Earth, she’s seen — from top to bottom. Now Zena Cardman ’10 wants to show NASA what a microbiologist brings to a place like Mars.
In the Guaymas Basin in the center of the Gulf of California in the northwest corner of Mexico — down 2,000 meters, where temperatures in the sediment can reach about the boiling point of water — live the microbes that Zena Cardman ’10 wanted so badly to know all about.
Others went and got them for her and brought them back to Chapel Hill for her to study. Then those microbes became the focus of her 2014 master’s thesis. But Cardman never got to go, maybe because she was so busy looking at tiny things everywhere else on the planet. Antarctica. The Arctic. Canada. Italy. The Gulf of Mexico. Virginia. Then there was the time in Hawaii when she was pretending to be on Mars.
She had written in her Carolina application essay that she wanted to be an astronaut, then deleted it when she couldn’t figure out how to explain why. As she studied science, the notion morphed from fantasy to goal. Last year, along with more than 18,000 other people, she filled out NASA’s application form.
“That’s all the application is — there’s no essay to wax poetic about why you want to travel to space,” Cardman said. “You send your resume to a government website, and then you just wait.”
The call the finalists get came in December: She was one of the top 0.3 percent of the class. In May, Houston called again: She was an astronaut, one of 12 told to report for training in August.
The 29-year-old microbiologist was having breakfast tacos with friends; they were about halfway through Apollo 13. “I was really, really glad to have a few close friends spend that morning with me, otherwise I would’ve been a mess. Honored and overjoyed doesn’t even begin to explain it.”
Earth might not have to contain her ambitions to find tiny creatures.
Cardman waited nine months between filling out the application and the phone call inviting her to the first interview. Less than two weeks later, she found herself at the Johnson Space Center. On her first morning there, she walked down a hallway lined with photos from every era of the space program, from Apollo 1 astronauts practicing egress training in a swimming pool to astronaut Scott Kelly floating in the cupola of the International Space Station.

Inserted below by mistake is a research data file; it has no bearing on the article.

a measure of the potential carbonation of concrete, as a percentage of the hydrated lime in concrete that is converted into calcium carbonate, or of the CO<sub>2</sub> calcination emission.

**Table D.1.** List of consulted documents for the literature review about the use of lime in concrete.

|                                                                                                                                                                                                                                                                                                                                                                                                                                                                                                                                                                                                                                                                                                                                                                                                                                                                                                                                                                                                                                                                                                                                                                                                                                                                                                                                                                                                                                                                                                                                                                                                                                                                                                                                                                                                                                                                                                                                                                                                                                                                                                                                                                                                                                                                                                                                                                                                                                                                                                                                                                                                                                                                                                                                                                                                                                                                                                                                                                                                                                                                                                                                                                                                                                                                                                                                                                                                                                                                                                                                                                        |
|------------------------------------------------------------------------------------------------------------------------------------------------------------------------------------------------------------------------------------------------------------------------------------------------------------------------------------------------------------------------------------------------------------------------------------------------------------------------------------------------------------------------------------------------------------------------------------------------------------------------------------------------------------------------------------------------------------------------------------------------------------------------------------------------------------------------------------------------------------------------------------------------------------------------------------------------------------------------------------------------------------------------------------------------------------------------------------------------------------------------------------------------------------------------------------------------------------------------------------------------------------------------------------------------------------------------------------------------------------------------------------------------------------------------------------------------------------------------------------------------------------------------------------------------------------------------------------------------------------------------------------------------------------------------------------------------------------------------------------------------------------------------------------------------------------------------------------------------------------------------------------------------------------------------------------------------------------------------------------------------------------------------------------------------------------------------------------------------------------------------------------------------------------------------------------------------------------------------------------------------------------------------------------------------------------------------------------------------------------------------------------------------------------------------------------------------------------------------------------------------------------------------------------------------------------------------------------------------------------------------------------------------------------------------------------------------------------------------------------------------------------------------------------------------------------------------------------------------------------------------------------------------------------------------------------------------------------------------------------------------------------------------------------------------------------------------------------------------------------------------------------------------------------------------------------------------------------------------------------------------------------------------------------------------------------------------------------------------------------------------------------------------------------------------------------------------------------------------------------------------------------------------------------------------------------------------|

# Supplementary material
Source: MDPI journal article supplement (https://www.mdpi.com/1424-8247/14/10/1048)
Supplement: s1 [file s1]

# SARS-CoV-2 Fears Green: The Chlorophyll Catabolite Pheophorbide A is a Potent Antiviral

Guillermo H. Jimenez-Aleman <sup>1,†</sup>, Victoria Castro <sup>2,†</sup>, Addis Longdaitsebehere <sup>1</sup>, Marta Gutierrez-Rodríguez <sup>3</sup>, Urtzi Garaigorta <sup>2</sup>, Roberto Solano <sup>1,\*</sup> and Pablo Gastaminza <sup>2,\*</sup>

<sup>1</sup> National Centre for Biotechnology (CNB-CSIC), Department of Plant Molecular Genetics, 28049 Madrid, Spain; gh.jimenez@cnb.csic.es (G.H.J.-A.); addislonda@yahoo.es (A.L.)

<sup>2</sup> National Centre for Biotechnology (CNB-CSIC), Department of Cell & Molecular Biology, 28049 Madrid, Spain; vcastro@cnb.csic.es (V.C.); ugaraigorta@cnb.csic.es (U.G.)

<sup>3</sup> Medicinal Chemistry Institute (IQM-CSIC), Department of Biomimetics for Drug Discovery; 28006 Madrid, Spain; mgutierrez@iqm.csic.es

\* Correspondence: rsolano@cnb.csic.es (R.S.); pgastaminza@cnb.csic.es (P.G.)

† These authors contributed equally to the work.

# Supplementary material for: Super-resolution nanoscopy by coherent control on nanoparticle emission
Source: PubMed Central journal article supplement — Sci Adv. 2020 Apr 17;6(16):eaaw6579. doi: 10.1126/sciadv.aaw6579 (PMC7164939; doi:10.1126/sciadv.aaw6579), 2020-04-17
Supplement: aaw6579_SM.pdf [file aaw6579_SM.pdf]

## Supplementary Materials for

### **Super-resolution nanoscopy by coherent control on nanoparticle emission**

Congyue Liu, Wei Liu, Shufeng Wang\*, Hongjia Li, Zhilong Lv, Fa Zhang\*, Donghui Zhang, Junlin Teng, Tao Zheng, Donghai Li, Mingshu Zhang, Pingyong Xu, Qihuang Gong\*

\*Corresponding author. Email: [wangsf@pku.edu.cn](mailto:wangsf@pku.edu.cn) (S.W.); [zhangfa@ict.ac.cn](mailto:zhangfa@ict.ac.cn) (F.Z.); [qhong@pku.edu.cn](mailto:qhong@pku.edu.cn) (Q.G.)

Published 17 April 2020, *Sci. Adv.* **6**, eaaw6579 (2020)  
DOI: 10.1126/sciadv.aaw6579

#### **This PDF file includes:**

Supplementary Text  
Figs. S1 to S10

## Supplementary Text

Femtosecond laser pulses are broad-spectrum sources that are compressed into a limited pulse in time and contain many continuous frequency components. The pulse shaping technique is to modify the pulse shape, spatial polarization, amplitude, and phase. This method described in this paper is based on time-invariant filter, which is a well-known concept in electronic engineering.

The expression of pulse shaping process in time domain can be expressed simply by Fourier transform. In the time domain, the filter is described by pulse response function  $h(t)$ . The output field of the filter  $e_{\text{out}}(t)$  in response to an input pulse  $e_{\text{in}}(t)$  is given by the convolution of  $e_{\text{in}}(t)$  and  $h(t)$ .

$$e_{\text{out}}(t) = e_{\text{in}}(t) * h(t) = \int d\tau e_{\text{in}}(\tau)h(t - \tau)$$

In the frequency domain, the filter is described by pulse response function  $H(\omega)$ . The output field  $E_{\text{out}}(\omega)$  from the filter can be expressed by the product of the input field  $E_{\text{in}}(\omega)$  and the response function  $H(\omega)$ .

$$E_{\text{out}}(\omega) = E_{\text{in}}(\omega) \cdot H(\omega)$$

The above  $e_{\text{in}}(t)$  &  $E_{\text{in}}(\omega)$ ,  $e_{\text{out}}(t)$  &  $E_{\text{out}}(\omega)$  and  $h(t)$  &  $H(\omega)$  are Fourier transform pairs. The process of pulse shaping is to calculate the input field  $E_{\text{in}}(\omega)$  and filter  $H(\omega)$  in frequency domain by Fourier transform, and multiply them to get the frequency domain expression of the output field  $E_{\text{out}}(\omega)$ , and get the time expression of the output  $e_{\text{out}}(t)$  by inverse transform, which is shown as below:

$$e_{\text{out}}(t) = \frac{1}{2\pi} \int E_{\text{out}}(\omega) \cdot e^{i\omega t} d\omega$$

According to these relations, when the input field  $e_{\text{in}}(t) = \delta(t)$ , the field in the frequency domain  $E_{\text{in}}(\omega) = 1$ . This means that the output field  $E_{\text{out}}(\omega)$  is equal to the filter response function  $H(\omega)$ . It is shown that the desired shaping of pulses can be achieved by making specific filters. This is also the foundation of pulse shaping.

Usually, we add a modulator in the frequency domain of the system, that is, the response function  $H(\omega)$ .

“I get shivers every time I walk down that hallway,” she said. “The fact that they even want to consider me for this kind of position is amazing.”
A decade earlier, she had walked into Venable Hall, home to UNC’s marine science department. She’d fallen in love with biology in high school, but it wasn’t until she came to Carolina that she discovered the wonders — and possibilities — of microbiology.
As a first-year student, she immersed herself in science and discovery. She found particular inspiration in an article written by another undergraduate, Kate Harris ’05. “She was four years ahead of me and had also worked in marine sciences and done research in Antarctica. I just thought that was so cool.” (Harris, too, had Mars on her to-do list.)
Cardman found herself in the lab of marine science Professor Andreas Teske as an undergraduate. She returned there for her master’s after majoring in biology and minoring in creative writing and marine science. Her mentors recalled the ways artistic and communication skills enhanced her science. (She received honors in poetry.)